I sometimes wonder what would have been the format of our dedication ceremony if instead of a distinguished scientist we had a VVIP as the chief guest. Our arrangements and movements would have been drastically restricted. The time frame allotted to us would have been limited. And there would be no guarantee that the function would start at the scheduled time. In fact, we would have counted ourselves lucky if the function were not postponed to a later date. And, as organisers we would have faced considerable tension while the VVIPs and their entourage were on our premises.
I value the informality that prevails at such ceremonies if VVIPs are not involved and recall with pleasure the inauguration of the Institute of Theoretical Astronomy at Cambridge University back in 1967. The vice-chancellor of the university was presiding and the inauguration was done by Sir Isaac Wolfson whose foundation had funded the institute building. As it happened, not waiting for the inauguration we, the scientists at the institute, had already begun our work there. The auditorium blackboard still carried the notes of my lecture delivered the previous day, which the director, Fred Hoyle, had asked to be left untouched. He referred to it in his opening remarks when he said, “Sir Isaac, your building has provided a good locale for our research and as you see from the blackboard, my scientist colleagues have not waited for the inauguration…” In his speech the vice-chancellor replied by saying, “Sir Isaac, the scientists here have not waited for your inauguration. So let me formally close this institute first so that you could inaugurate it!”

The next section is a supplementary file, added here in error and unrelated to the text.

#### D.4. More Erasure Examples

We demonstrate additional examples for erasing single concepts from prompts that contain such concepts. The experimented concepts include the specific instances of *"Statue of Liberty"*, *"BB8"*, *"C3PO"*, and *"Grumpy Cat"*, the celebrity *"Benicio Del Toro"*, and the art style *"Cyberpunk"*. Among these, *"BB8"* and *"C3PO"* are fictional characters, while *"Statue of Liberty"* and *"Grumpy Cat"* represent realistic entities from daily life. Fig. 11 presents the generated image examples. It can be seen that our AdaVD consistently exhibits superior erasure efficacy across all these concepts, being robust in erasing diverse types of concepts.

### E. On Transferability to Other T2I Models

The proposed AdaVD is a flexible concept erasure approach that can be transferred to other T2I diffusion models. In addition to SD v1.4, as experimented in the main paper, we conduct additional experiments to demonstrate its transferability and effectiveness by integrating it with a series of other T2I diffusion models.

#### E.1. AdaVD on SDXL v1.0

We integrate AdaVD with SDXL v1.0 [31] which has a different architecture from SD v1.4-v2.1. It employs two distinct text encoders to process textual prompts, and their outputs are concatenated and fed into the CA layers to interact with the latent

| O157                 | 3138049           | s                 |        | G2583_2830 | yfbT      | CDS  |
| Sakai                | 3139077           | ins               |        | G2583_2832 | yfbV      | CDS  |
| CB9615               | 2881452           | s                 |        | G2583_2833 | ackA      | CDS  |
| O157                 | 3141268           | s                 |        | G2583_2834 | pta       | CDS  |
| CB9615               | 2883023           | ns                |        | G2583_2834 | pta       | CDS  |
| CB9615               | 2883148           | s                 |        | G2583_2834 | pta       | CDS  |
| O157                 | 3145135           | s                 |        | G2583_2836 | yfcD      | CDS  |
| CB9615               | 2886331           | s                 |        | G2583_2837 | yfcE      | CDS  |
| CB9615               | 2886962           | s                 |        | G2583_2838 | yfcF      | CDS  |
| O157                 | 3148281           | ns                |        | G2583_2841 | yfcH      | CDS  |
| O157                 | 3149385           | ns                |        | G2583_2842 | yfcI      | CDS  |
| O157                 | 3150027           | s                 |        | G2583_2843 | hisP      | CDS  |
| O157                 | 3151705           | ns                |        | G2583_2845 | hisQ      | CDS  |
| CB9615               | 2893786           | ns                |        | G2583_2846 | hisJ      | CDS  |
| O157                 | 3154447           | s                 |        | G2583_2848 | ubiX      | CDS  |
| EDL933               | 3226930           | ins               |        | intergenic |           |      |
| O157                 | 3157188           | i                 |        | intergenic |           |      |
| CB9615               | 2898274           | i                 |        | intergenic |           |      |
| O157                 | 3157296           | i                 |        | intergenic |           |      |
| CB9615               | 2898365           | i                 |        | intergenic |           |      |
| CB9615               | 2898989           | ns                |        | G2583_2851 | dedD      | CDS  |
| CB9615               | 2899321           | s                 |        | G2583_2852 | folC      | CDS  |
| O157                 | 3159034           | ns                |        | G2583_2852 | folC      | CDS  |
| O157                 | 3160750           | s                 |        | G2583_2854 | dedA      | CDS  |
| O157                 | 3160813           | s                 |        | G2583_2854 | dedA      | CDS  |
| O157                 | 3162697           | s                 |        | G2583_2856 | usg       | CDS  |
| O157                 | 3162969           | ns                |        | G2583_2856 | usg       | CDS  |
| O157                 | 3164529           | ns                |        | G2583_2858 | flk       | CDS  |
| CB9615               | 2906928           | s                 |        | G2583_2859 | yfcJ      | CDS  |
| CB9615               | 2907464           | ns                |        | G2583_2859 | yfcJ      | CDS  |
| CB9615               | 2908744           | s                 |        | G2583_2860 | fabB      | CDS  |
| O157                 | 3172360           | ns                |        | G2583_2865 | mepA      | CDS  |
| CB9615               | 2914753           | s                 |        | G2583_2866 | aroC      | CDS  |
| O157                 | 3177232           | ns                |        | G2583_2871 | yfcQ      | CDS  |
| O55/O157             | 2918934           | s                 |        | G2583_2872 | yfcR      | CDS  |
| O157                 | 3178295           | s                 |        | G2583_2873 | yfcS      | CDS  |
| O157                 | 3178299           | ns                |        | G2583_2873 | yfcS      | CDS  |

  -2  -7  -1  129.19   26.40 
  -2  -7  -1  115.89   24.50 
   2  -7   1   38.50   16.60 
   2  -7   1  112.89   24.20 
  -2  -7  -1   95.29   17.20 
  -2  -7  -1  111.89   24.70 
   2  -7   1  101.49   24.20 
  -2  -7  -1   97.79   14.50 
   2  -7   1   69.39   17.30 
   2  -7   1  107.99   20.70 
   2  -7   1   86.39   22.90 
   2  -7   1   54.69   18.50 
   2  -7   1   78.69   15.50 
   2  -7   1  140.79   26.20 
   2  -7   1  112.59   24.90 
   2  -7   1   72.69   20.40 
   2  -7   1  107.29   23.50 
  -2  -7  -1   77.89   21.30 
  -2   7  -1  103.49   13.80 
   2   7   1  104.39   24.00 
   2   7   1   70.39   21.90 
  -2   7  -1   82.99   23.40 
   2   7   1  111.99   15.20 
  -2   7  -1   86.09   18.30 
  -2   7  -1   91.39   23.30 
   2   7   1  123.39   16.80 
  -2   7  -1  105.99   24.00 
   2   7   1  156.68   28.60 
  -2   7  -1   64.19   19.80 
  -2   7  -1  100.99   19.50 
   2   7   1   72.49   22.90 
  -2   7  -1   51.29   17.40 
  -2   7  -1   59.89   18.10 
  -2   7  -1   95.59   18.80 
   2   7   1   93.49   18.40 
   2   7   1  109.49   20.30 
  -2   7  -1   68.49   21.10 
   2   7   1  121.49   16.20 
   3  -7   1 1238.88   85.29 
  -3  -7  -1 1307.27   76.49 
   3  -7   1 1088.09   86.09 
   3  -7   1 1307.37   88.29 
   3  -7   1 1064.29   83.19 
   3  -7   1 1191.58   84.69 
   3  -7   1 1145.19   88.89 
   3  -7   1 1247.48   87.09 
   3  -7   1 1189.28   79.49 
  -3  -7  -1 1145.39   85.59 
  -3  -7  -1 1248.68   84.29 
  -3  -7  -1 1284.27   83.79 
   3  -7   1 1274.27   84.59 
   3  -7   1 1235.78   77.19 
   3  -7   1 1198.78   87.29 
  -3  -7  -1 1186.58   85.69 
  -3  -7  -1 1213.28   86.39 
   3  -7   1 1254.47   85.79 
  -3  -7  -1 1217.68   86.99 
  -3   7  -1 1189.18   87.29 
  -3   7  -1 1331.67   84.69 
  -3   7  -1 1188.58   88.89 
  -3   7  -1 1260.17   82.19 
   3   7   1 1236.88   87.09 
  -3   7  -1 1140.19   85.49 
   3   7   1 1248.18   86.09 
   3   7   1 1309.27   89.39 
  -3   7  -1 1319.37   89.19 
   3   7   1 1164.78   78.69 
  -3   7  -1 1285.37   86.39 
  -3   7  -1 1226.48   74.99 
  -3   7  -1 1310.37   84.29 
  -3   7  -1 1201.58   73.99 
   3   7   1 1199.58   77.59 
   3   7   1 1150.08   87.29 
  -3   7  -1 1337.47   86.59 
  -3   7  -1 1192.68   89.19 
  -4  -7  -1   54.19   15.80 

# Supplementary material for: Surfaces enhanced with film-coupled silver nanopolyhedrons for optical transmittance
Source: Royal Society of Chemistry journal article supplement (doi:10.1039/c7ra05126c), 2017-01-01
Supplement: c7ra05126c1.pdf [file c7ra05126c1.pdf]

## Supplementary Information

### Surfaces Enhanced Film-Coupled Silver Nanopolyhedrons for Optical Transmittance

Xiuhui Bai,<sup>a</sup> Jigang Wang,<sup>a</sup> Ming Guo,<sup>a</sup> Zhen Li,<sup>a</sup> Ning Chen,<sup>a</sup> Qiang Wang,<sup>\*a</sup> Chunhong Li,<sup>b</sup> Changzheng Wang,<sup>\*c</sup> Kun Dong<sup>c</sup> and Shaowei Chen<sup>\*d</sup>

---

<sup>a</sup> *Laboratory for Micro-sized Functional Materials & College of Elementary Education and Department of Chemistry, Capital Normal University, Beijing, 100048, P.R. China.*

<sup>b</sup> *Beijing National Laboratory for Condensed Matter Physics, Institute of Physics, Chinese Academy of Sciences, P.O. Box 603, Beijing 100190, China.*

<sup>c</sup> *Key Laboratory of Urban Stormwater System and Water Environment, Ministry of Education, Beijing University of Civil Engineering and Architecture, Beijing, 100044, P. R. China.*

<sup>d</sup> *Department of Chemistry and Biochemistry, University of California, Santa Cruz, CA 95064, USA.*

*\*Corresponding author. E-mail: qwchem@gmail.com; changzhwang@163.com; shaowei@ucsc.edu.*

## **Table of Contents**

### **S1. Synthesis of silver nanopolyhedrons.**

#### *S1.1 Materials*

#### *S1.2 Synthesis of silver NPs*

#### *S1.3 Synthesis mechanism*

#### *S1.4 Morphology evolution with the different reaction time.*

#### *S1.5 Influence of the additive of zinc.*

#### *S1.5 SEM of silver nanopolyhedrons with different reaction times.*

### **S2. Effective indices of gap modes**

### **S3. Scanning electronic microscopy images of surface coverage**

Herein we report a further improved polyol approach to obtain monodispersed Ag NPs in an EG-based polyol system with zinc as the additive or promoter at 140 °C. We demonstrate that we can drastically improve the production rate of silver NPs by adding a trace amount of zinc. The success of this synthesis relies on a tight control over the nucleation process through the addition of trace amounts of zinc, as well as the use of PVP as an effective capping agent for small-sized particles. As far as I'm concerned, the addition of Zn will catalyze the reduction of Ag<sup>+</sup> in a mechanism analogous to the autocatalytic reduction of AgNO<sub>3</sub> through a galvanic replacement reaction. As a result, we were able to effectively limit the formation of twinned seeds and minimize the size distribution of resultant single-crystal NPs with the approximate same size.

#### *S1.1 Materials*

The writer, a renowned astrophysicist, is professor emeritus at Inter-University Centre for Astronomy
and Astrophysics, Pune University Campus